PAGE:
Is Your Site Designed for New or Repeat Visitors?

February 12, 2019

Melissa Leide

What if you could create two websites for your business? One would be for people new to interacting with your company and the other for visitors already engaged with your brand. Would you design these pages very differently? Wouldn’t they be very distinct from one another in their navigation, their data density, their focus on calls to action, and even their presentation of your brand?

Of course, you could literally do this… create two separate sites, each specifically designed for one segment of your audience.

There could be major upsides for the user experience and brand interaction of visitors who land on the page designed to appeal to them. But there’s no way to know if a user will land on the “right” site and not the one designed for someone else, and maintaining multiple sites is a poor use of resources.                                                                                                                                                                   

For companies looking to optimize their website for user experience, there are better ways to create a web experience that puts the user at the forefront, but first they need to make one major change in how they perceive their users. They need to think differently about how they segment their users in the first place.

Traditional Segmentations

As companies try to understand what motivates their website visitors, they will often separate their users into distinct “Identities”. Usually, this happens in one of two established ways.

  1. Users are grouped based on their user persona (their role within their own organization).
  2. Users are grouped by their industry segment (the type of organization they represent).

Building upon these user profiles, website owners can then create experiences tailored to the needs of each user group.

Both of these segmentation methods use broad constructs that companies create during the Sales and Marketing process, but they aren’t necessarily the best ways to segment website visitors. Focusing on traditional segmentations can also lead to placing an inordinate focus on new users for simple reasons of scarcity. Site real estate is always at a premium. When persona-focused design and messaging take top of mind there may be little opportunity left to focus on different levels of brand engagement.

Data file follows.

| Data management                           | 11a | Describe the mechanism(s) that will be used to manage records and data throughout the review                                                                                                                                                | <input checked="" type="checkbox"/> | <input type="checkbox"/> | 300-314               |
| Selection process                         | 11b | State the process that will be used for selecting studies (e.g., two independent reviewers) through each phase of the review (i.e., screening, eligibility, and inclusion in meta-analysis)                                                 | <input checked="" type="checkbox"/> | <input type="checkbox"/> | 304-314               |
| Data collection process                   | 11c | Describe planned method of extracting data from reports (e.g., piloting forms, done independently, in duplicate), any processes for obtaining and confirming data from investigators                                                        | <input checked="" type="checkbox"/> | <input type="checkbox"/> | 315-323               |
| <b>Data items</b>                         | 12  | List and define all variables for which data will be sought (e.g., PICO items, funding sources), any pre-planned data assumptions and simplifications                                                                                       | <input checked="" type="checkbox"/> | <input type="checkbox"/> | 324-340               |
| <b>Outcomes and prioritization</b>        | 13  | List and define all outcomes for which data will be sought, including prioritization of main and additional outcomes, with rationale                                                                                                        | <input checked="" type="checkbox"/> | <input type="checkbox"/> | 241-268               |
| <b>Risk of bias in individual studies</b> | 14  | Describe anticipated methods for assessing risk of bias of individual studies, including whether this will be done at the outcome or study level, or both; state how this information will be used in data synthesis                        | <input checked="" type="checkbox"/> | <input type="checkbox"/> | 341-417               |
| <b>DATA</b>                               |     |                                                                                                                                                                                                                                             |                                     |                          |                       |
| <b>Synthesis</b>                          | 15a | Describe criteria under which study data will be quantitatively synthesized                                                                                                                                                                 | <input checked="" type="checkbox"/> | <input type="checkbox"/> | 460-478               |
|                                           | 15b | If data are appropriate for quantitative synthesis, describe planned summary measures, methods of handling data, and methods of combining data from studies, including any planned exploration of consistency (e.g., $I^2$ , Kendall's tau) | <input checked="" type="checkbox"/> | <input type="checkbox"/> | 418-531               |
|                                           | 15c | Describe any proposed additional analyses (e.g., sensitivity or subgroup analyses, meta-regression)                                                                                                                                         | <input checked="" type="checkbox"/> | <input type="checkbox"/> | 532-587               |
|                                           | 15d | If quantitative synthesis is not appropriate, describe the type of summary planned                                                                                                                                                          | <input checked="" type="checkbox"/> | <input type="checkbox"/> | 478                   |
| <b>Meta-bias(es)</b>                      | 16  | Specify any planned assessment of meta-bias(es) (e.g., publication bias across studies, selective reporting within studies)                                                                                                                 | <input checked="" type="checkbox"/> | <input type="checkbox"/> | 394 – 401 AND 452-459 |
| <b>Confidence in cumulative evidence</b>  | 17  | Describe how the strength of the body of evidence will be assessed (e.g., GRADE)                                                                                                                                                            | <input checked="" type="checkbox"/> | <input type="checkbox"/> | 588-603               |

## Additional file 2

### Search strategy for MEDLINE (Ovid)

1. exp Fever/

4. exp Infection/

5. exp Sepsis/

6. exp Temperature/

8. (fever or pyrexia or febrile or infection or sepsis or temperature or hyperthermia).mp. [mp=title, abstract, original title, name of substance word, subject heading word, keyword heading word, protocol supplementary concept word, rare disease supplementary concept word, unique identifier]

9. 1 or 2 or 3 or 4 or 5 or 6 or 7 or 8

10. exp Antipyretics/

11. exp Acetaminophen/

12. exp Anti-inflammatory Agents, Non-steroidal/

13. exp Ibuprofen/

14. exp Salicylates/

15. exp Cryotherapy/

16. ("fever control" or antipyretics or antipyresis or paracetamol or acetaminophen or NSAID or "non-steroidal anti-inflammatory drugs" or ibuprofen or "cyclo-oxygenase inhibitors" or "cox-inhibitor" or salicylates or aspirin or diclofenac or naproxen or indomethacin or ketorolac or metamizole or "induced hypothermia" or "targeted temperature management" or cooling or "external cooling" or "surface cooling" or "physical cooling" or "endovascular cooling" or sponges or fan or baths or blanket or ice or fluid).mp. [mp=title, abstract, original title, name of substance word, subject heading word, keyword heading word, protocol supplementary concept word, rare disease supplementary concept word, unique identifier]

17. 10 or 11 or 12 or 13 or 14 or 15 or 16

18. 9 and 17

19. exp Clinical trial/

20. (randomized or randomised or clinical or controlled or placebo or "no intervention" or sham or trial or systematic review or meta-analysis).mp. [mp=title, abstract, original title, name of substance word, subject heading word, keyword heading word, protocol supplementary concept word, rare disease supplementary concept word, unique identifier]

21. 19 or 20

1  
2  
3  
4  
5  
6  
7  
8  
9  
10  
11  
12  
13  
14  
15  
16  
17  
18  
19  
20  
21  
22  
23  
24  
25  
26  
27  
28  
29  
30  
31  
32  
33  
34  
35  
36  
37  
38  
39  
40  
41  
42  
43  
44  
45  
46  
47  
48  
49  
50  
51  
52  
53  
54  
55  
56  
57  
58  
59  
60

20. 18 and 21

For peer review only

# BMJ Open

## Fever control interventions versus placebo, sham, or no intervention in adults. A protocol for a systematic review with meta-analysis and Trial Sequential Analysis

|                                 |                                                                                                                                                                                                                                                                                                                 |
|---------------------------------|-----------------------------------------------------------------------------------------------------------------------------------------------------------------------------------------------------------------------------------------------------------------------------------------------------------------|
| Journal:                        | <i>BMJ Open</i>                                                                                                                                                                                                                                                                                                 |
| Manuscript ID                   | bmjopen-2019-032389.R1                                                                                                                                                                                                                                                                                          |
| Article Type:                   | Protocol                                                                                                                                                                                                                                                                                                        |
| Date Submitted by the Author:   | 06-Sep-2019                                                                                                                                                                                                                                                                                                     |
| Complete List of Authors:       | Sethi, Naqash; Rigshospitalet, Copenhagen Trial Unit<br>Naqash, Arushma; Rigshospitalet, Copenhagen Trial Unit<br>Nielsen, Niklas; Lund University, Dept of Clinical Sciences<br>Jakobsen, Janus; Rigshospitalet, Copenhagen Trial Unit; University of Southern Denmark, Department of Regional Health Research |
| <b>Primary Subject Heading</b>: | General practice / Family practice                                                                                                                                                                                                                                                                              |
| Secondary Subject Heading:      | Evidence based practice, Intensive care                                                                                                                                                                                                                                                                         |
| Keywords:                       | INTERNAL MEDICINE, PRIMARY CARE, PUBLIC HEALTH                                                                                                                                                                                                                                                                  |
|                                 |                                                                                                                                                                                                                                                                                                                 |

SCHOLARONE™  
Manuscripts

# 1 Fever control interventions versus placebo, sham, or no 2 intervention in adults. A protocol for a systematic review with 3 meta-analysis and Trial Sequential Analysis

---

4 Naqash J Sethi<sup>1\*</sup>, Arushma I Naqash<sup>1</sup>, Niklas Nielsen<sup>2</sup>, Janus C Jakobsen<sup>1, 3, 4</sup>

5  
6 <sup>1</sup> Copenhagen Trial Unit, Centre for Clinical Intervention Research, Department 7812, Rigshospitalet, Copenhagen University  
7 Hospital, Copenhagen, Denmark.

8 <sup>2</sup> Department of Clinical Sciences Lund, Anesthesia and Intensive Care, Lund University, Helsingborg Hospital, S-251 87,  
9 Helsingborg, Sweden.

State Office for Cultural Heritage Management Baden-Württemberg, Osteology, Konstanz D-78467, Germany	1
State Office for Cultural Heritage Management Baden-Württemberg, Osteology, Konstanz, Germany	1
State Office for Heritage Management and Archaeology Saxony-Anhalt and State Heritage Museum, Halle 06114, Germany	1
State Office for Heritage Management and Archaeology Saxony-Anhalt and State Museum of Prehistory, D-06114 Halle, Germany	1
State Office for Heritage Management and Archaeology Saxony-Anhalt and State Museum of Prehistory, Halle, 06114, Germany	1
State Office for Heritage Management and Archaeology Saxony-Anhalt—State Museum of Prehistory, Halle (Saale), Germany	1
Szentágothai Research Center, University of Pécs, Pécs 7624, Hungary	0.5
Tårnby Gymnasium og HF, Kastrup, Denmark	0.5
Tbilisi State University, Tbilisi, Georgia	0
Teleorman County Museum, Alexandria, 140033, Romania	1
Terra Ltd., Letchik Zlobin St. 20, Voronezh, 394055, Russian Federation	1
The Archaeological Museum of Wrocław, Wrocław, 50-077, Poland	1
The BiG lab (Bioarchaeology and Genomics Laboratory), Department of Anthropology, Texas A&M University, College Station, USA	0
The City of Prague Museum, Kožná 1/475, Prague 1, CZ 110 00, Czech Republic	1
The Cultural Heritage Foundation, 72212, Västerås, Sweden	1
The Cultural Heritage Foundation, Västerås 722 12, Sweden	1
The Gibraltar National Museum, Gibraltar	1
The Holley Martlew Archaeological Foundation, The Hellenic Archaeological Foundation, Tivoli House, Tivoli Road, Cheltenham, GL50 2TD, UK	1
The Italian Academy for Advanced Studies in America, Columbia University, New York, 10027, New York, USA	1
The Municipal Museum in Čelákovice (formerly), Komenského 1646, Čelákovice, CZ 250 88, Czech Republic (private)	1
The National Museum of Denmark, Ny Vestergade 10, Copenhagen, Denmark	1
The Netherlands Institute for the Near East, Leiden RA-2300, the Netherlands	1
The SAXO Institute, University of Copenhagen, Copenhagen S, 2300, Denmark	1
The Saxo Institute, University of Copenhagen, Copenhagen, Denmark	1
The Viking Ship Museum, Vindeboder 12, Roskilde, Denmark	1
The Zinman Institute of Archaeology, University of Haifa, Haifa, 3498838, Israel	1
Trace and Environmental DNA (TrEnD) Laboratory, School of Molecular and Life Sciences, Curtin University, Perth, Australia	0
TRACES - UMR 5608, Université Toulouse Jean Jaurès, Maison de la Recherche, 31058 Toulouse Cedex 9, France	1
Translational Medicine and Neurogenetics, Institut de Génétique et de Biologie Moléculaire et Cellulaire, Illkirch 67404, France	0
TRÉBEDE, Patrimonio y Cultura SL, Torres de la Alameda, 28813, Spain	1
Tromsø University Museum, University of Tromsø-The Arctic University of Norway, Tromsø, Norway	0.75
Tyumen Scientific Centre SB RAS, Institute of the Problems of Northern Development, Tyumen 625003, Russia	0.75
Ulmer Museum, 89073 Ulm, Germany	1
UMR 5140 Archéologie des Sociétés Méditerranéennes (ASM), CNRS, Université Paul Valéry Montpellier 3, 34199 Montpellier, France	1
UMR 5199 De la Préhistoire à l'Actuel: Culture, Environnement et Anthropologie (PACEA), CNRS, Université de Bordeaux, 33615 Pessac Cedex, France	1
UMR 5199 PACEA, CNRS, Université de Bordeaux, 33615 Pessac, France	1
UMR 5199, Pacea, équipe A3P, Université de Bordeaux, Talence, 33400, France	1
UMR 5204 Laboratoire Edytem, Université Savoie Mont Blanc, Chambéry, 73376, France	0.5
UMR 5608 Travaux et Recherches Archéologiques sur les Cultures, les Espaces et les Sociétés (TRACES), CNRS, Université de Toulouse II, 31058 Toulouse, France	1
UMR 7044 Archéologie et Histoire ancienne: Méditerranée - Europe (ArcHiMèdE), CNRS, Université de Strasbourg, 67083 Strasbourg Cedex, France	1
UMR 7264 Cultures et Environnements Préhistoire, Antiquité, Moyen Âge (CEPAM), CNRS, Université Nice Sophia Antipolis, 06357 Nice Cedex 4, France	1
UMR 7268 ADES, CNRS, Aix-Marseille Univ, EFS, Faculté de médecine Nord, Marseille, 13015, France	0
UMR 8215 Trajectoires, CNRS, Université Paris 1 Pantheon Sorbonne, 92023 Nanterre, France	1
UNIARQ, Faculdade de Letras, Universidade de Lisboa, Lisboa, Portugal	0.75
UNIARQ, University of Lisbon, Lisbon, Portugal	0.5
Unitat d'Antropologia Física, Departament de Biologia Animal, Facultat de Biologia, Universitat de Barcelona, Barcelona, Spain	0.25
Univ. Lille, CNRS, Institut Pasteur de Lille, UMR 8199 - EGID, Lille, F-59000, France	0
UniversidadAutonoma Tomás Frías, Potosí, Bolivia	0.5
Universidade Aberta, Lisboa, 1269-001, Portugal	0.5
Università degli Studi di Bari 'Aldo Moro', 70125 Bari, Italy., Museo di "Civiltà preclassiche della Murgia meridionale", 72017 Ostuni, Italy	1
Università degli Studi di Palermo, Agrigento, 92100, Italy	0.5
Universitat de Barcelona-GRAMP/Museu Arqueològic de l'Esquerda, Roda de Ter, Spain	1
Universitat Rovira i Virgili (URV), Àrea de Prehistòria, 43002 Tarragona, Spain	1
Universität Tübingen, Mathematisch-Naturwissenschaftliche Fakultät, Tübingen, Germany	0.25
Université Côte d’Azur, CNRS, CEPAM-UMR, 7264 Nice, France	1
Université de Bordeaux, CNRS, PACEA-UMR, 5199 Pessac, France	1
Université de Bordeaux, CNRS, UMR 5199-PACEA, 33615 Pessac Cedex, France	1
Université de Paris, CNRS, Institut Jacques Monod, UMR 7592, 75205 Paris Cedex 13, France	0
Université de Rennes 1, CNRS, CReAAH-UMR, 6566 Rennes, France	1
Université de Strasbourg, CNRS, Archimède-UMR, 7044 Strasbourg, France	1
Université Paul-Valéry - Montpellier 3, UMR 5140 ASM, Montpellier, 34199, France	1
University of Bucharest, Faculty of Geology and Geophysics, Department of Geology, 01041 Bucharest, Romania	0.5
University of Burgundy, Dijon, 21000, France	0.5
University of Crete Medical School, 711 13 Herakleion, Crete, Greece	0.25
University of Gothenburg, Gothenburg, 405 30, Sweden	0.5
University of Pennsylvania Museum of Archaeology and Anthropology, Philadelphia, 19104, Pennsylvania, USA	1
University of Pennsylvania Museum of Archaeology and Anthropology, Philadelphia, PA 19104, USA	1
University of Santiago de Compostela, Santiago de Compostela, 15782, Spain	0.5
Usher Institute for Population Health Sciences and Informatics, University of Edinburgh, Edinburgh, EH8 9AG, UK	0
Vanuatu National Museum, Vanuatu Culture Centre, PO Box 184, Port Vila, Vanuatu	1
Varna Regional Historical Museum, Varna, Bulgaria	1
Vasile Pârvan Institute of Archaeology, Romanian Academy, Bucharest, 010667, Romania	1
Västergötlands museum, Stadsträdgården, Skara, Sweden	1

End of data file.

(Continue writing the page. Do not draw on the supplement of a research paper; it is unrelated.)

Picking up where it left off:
A Better Way

We think a better, more user-centric web experience comes from targeting user experiences based on whether they are first-time visitors or repeat users. Targeting by visitor history in this way is effective because it applies one aspect of the user experience that is fundamental and applies to every visitor, regardless of their user persona or their industry:

Each user’s needs as a site visitor will change over time.

The Evolving Needs of Visitors

Think about the differing needs of visitors as they engage with your brand.

  • Users just discovering your company need to quickly understand who you are and what you do.
  • Existing customers and known contacts need efficient ways to find the specific things that brought them back to your site.

And for everyone visiting, you need to be concerned with providing a user experience that’s not only positive but is tailored to their specific needs.

Targeting the Repeat Visitor

For most organizations, the fundamental change from how they do business now will be that they need to devote more of their website design to supporting the needs of repeat visitors. This mindset of “equal time” for returning users needs to be integrated into the design process from the very start. It needs to displace the widespread practice of focusing all design choices on serving the new user and driving them toward conversion.

For Superior Experience

In the end, a user’s past history on your site provides a better and more-fundamental indicator of their needs as a website user than any role-based or industry-based segmentation.

Segmenting new from returning users may be the single-most-impactful way to group users because it informs multiple decisions for optimizing their web experience. The outcome for many site owners will be new sites that balance their design to support better user experiences for the repeat users that are already engaged with your brand.

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